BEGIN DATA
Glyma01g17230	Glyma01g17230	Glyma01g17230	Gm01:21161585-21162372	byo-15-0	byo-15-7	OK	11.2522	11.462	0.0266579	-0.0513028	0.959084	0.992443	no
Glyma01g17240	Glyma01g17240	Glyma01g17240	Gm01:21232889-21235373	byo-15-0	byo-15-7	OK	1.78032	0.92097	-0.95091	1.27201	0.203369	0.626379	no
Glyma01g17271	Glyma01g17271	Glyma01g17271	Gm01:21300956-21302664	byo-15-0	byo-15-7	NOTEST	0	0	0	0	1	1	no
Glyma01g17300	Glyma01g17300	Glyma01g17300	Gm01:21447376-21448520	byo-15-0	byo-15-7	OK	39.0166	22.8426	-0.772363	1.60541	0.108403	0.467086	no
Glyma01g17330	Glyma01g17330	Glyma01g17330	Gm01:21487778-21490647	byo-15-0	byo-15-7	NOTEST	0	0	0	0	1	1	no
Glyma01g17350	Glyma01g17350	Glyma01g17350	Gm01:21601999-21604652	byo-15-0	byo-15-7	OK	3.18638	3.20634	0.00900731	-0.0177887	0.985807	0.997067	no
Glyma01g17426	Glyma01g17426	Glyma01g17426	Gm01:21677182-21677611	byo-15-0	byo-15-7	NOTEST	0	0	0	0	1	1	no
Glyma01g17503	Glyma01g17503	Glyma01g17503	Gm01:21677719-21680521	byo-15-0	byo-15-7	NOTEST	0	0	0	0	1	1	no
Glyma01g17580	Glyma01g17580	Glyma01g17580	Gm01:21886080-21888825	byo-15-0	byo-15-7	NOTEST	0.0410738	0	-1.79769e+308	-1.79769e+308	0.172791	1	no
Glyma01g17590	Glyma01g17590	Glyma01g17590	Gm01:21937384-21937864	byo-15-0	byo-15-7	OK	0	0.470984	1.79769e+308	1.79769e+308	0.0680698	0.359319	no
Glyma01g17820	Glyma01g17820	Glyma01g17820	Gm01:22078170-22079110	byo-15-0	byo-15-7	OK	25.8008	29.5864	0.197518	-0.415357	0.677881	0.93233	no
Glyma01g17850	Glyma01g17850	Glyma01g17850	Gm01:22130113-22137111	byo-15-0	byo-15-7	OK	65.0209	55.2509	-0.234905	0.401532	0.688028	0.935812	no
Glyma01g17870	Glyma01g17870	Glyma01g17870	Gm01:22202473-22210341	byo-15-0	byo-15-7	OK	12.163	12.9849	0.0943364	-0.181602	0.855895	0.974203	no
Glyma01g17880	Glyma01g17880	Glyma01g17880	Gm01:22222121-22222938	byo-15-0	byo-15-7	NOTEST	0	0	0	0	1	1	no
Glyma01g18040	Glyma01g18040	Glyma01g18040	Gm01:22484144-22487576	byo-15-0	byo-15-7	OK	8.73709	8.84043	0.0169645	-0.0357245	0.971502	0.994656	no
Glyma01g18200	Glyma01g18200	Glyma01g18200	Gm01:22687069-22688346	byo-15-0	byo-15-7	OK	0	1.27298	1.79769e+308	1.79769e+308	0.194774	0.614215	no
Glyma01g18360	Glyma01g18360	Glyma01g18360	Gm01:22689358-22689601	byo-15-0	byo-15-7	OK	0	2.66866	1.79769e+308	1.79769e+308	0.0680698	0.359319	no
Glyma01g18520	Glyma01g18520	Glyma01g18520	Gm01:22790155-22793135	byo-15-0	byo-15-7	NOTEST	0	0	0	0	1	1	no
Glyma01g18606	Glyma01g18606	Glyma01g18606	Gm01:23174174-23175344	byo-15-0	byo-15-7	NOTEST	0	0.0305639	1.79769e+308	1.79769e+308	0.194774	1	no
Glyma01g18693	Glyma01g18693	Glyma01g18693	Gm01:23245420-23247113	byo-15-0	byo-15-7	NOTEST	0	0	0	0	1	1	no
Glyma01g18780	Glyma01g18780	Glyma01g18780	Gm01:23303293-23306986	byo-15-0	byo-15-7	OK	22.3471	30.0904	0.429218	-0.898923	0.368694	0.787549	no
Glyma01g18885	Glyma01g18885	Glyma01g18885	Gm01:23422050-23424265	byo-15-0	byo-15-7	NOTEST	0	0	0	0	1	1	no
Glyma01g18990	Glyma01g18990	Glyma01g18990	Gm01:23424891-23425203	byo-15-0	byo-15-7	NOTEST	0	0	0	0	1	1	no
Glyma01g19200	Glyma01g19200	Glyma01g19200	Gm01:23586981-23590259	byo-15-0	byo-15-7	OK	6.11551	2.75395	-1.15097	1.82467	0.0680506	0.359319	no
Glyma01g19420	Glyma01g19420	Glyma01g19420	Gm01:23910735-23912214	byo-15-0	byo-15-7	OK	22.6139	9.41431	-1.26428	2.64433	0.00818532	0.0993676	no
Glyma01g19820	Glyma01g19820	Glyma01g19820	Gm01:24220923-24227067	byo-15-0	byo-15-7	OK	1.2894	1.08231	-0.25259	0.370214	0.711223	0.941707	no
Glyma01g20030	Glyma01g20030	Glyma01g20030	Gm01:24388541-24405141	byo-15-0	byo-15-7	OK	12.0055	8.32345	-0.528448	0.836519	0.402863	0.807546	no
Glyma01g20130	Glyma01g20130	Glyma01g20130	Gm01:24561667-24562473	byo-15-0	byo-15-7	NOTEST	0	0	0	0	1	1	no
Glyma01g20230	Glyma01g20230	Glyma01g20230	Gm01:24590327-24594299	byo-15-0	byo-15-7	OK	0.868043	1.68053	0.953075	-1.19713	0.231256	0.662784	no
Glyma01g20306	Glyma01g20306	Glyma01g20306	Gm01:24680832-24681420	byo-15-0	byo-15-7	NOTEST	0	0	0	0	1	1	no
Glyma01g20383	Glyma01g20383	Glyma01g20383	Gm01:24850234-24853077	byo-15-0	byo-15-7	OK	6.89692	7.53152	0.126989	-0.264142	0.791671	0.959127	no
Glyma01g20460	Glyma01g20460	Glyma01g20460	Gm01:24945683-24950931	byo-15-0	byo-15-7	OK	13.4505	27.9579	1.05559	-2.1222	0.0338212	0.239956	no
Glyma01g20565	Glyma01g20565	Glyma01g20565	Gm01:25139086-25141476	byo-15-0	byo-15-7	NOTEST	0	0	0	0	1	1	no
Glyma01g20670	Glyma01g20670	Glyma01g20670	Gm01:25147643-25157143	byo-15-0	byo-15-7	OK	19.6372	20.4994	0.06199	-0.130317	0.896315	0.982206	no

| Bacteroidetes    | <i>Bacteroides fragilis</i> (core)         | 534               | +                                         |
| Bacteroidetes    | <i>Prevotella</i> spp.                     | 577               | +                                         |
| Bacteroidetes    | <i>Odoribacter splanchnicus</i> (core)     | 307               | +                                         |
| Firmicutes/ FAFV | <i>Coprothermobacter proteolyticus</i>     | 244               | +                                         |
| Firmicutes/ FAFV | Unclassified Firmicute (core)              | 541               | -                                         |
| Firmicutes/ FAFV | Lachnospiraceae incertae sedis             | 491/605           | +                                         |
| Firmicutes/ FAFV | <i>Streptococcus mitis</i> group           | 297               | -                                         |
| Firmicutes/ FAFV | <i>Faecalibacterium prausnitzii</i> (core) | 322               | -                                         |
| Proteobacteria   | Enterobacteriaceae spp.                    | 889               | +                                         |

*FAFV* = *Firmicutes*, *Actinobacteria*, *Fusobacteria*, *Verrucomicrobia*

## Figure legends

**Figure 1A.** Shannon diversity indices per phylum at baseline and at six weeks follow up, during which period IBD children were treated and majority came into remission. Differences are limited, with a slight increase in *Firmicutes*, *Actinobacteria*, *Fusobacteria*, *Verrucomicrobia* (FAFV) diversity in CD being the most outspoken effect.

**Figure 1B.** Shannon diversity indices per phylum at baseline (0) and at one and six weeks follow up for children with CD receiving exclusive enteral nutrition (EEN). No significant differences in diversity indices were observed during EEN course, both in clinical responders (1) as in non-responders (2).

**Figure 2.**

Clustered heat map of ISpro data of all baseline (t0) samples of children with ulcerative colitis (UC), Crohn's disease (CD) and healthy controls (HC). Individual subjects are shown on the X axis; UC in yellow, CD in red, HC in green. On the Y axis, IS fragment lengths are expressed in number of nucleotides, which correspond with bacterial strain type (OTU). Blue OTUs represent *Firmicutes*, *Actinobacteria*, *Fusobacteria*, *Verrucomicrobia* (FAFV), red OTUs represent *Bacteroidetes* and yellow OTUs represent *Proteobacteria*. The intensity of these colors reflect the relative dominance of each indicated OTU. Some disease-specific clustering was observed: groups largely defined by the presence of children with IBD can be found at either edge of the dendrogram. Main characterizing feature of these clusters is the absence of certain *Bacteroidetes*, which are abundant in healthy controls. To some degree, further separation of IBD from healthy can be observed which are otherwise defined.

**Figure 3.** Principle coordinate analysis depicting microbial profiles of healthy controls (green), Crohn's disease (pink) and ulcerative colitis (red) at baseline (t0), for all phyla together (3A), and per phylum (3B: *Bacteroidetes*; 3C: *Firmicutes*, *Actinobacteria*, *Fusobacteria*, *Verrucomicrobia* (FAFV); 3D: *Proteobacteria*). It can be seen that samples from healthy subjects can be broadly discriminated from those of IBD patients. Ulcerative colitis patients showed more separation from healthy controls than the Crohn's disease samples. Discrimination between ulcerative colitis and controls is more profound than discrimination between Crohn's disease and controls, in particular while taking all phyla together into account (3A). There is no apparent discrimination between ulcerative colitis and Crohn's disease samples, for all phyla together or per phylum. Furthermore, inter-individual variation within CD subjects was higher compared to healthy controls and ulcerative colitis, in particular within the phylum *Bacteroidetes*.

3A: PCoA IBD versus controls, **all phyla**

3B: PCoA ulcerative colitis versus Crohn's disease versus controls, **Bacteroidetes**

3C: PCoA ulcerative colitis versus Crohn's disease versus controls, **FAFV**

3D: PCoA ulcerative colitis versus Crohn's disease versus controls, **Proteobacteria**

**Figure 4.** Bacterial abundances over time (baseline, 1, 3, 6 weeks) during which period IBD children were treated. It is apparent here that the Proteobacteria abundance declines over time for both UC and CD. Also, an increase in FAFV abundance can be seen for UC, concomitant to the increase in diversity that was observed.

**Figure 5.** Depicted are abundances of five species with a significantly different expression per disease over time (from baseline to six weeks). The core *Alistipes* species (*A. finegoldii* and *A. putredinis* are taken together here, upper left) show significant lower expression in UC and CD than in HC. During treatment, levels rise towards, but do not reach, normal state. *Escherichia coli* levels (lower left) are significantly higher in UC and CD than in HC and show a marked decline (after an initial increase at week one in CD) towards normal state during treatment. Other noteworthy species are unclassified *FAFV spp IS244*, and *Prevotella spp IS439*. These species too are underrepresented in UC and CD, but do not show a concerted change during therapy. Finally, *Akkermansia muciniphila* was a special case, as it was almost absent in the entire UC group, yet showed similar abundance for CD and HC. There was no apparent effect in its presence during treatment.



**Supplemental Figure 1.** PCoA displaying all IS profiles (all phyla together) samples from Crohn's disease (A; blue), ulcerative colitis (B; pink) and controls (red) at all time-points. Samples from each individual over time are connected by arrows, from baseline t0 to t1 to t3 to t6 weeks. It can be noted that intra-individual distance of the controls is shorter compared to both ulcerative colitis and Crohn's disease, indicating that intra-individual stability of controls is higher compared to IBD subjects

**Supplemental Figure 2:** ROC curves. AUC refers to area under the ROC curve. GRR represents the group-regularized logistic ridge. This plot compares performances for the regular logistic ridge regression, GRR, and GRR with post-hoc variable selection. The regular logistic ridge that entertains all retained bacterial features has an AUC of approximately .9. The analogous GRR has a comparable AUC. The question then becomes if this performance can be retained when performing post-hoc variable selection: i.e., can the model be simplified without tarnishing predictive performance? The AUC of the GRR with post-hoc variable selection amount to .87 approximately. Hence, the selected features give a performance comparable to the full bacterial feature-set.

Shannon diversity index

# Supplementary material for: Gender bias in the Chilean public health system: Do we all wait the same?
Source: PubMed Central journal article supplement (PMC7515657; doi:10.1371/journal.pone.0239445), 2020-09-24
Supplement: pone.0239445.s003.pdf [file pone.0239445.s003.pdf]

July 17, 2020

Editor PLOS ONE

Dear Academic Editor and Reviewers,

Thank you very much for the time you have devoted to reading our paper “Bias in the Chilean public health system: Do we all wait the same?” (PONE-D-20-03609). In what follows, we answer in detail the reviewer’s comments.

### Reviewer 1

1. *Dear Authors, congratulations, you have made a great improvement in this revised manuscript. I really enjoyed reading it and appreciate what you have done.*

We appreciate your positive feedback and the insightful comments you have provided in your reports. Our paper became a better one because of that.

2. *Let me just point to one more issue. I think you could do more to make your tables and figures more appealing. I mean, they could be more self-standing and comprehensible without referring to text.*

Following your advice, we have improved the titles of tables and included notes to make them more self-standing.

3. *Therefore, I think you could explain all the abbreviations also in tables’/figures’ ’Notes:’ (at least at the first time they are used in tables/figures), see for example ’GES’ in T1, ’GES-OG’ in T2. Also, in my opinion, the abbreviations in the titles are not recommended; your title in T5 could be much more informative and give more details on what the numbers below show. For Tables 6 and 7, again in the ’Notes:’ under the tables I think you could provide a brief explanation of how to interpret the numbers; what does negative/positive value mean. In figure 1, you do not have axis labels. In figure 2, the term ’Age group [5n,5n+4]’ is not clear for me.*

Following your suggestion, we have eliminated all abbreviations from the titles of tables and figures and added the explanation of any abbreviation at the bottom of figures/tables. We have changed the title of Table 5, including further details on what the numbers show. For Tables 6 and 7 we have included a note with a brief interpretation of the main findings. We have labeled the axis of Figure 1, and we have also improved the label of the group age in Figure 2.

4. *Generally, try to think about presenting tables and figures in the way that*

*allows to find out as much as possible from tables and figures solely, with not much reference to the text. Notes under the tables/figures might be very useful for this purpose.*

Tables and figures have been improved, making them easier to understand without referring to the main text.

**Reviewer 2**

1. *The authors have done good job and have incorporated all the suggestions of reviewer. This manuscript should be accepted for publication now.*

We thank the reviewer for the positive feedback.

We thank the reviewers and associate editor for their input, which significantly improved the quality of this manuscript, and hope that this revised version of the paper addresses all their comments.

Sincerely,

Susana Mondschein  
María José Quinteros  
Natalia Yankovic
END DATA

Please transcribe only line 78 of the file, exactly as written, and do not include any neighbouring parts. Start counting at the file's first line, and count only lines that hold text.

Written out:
1. *The authors have done good job and have incorporated all the suggestions of reviewer. This manuscript should be accepted for publication now.*